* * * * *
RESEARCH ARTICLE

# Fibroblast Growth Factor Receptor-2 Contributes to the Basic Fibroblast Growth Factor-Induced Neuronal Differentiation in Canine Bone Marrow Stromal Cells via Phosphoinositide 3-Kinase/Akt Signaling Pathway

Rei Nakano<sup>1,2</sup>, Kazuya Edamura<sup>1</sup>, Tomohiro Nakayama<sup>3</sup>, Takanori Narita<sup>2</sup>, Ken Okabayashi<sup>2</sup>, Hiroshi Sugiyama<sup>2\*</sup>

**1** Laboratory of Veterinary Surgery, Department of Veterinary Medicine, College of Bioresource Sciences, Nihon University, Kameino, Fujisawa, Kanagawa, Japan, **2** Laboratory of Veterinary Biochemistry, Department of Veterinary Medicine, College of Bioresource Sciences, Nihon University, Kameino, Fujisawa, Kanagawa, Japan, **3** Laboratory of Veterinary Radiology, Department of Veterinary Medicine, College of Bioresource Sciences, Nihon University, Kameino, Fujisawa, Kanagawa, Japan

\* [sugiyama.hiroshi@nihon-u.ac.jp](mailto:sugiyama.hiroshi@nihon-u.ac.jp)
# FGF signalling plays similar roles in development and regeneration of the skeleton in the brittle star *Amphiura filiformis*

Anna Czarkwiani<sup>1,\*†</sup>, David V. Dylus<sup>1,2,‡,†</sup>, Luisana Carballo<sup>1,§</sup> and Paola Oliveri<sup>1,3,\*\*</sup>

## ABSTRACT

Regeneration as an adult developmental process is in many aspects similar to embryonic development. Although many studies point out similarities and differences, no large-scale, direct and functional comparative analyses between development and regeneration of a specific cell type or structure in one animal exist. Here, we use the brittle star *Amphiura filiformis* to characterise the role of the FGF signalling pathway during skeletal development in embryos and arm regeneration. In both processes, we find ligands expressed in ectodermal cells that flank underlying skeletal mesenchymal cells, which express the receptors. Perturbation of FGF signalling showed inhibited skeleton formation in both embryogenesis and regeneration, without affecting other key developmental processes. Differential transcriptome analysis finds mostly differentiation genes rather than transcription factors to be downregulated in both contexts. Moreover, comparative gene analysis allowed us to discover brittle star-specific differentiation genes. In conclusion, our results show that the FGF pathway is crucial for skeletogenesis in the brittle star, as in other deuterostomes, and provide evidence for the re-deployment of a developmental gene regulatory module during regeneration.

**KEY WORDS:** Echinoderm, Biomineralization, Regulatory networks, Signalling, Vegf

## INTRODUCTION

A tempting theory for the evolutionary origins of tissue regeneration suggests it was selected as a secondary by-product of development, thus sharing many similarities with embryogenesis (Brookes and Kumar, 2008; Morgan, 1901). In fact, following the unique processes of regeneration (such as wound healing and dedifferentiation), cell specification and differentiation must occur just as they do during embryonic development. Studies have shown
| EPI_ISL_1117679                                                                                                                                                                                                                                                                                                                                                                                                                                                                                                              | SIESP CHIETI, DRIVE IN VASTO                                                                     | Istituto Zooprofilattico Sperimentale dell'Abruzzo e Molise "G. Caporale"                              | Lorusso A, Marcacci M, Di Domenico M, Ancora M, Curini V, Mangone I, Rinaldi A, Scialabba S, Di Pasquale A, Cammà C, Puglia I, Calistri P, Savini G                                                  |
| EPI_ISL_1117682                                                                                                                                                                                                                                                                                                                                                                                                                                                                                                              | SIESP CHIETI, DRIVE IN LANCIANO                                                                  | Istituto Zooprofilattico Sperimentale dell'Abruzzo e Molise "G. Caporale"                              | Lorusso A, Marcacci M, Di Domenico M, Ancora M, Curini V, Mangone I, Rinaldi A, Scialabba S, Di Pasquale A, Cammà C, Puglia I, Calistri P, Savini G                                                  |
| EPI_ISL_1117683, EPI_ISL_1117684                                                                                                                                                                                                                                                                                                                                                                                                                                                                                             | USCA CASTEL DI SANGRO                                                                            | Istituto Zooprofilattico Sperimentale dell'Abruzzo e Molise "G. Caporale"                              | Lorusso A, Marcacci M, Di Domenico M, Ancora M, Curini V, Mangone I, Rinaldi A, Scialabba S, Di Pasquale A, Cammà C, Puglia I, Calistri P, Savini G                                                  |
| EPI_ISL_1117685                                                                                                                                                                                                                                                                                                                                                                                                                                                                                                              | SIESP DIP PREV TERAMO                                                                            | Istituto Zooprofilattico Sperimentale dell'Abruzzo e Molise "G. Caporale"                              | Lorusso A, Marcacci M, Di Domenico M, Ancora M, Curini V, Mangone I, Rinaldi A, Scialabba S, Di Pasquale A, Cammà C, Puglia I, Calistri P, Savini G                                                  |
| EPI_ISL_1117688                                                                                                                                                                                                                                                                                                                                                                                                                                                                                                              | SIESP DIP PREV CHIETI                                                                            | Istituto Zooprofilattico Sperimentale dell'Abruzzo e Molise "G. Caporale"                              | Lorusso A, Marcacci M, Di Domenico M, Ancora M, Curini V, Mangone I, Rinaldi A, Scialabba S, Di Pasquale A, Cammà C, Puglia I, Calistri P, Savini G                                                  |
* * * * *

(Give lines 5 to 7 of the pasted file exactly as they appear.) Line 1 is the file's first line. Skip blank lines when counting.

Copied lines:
\* [sugiyama.hiroshi@nihon-u.ac.jp](mailto:sugiyama.hiroshi@nihon-u.ac.jp)
# FGF signalling plays similar roles in development and regeneration of the skeleton in the brittle star *Amphiura filiformis*

Anna Czarkwiani<sup>1,\*†</sup>, David V. Dylus<sup>1,2,‡,†</sup>, Luisana Carballo<sup>1,§</sup> and Paola Oliveri<sup>1,3,\*\*</sup>